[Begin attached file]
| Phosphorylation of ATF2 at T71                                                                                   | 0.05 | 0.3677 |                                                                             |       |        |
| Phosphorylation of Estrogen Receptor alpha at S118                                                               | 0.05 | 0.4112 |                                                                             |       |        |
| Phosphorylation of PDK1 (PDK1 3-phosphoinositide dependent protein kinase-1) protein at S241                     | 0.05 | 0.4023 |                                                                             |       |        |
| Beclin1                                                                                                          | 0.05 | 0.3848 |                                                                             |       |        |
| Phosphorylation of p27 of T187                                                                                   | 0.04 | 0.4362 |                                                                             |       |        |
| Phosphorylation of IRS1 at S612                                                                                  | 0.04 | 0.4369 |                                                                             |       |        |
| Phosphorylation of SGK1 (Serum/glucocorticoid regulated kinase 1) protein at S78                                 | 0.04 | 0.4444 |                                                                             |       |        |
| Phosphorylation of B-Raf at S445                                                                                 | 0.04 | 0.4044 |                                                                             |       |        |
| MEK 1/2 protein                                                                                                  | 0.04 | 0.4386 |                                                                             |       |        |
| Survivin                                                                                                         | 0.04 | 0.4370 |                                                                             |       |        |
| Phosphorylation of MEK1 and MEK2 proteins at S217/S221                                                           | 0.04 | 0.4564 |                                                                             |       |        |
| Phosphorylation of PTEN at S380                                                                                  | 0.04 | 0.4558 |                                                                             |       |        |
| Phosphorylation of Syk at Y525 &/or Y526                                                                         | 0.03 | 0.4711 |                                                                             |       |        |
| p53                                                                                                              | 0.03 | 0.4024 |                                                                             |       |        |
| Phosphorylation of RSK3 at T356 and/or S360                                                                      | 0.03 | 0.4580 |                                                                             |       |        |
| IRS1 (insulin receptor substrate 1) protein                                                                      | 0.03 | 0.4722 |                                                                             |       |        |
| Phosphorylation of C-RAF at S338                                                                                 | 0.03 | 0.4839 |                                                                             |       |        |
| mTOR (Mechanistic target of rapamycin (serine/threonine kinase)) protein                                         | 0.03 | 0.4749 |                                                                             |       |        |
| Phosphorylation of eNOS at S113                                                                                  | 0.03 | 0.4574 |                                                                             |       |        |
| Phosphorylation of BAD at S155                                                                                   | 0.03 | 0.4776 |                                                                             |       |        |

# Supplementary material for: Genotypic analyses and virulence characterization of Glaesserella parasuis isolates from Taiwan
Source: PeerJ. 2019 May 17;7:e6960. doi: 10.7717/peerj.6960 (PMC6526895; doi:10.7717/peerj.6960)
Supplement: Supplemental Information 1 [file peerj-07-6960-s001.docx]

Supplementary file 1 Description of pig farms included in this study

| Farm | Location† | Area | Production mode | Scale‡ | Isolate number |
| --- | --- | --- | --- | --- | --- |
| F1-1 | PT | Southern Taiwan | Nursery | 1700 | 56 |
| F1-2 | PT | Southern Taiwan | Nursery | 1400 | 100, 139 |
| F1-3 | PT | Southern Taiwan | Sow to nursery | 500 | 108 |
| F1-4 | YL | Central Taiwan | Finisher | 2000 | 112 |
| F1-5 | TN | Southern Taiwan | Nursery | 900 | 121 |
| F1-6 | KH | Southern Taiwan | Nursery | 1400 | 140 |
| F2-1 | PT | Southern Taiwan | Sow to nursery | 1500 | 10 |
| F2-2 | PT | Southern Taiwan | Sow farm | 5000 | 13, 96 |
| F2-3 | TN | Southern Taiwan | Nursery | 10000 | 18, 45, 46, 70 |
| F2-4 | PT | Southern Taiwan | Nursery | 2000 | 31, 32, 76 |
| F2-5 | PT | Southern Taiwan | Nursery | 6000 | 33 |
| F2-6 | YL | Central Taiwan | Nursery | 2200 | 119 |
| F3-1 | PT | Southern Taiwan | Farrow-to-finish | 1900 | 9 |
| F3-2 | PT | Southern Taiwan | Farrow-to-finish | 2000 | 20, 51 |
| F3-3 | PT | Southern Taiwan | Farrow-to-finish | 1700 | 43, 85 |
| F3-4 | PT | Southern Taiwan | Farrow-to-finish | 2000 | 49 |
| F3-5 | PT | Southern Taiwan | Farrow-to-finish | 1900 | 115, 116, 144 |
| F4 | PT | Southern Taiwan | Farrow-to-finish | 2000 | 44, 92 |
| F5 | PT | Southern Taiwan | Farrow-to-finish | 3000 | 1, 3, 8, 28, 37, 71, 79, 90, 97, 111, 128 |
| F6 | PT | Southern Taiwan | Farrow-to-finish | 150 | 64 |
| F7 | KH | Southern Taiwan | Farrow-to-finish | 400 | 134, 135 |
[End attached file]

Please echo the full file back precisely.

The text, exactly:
| Phosphorylation of ATF2 at T71                                                                                   | 0.05 | 0.3677 |                                                                             |       |        |
| Phosphorylation of Estrogen Receptor alpha at S118                                                               | 0.05 | 0.4112 |                                                                             |       |        |
| Phosphorylation of PDK1 (PDK1 3-phosphoinositide dependent protein kinase-1) protein at S241                     | 0.05 | 0.4023 |                                                                             |       |        |
| Beclin1                                                                                                          | 0.05 | 0.3848 |                                                                             |       |        |
| Phosphorylation of p27 of T187                                                                                   | 0.04 | 0.4362 |                                                                             |       |        |
| Phosphorylation of IRS1 at S612                                                                                  | 0.04 | 0.4369 |                                                                             |       |        |
| Phosphorylation of SGK1 (Serum/glucocorticoid regulated kinase 1) protein at S78                                 | 0.04 | 0.4444 |                                                                             |       |        |
| Phosphorylation of B-Raf at S445                                                                                 | 0.04 | 0.4044 |                                                                             |       |        |
| MEK 1/2 protein                                                                                                  | 0.04 | 0.4386 |                                                                             |       |        |
| Survivin                                                                                                         | 0.04 | 0.4370 |                                                                             |       |        |
| Phosphorylation of MEK1 and MEK2 proteins at S217/S221                                                           | 0.04 | 0.4564 |                                                                             |       |        |
| Phosphorylation of PTEN at S380                                                                                  | 0.04 | 0.4558 |                                                                             |       |        |
| Phosphorylation of Syk at Y525 &/or Y526                                                                         | 0.03 | 0.4711 |                                                                             |       |        |
| p53                                                                                                              | 0.03 | 0.4024 |                                                                             |       |        |
| Phosphorylation of RSK3 at T356 and/or S360                                                                      | 0.03 | 0.4580 |                                                                             |       |        |
| IRS1 (insulin receptor substrate 1) protein                                                                      | 0.03 | 0.4722 |                                                                             |       |        |
| Phosphorylation of C-RAF at S338                                                                                 | 0.03 | 0.4839 |                                                                             |       |        |
| mTOR (Mechanistic target of rapamycin (serine/threonine kinase)) protein                                         | 0.03 | 0.4749 |                                                                             |       |        |
| Phosphorylation of eNOS at S113                                                                                  | 0.03 | 0.4574 |                                                                             |       |        |
| Phosphorylation of BAD at S155                                                                                   | 0.03 | 0.4776 |                                                                             |       |        |

# Supplementary material for: Genotypic analyses and virulence characterization of Glaesserella parasuis isolates from Taiwan
Source: PeerJ. 2019 May 17;7:e6960. doi: 10.7717/peerj.6960 (PMC6526895; doi:10.7717/peerj.6960)
Supplement: Supplemental Information 1 [file peerj-07-6960-s001.docx]

Supplementary file 1 Description of pig farms included in this study

| Farm | Location† | Area | Production mode | Scale‡ | Isolate number |
| --- | --- | --- | --- | --- | --- |
| F1-1 | PT | Southern Taiwan | Nursery | 1700 | 56 |
| F1-2 | PT | Southern Taiwan | Nursery | 1400 | 100, 139 |
| F1-3 | PT | Southern Taiwan | Sow to nursery | 500 | 108 |
| F1-4 | YL | Central Taiwan | Finisher | 2000 | 112 |
| F1-5 | TN | Southern Taiwan | Nursery | 900 | 121 |
| F1-6 | KH | Southern Taiwan | Nursery | 1400 | 140 |
| F2-1 | PT | Southern Taiwan | Sow to nursery | 1500 | 10 |
| F2-2 | PT | Southern Taiwan | Sow farm | 5000 | 13, 96 |
| F2-3 | TN | Southern Taiwan | Nursery | 10000 | 18, 45, 46, 70 |
| F2-4 | PT | Southern Taiwan | Nursery | 2000 | 31, 32, 76 |
| F2-5 | PT | Southern Taiwan | Nursery | 6000 | 33 |
| F2-6 | YL | Central Taiwan | Nursery | 2200 | 119 |
| F3-1 | PT | Southern Taiwan | Farrow-to-finish | 1900 | 9 |
| F3-2 | PT | Southern Taiwan | Farrow-to-finish | 2000 | 20, 51 |
| F3-3 | PT | Southern Taiwan | Farrow-to-finish | 1700 | 43, 85 |
| F3-4 | PT | Southern Taiwan | Farrow-to-finish | 2000 | 49 |
| F3-5 | PT | Southern Taiwan | Farrow-to-finish | 1900 | 115, 116, 144 |
| F4 | PT | Southern Taiwan | Farrow-to-finish | 2000 | 44, 92 |
| F5 | PT | Southern Taiwan | Farrow-to-finish | 3000 | 1, 3, 8, 28, 37, 71, 79, 90, 97, 111, 128 |
| F6 | PT | Southern Taiwan | Farrow-to-finish | 150 | 64 |
| F7 | KH | Southern Taiwan | Farrow-to-finish | 400 | 134, 135 |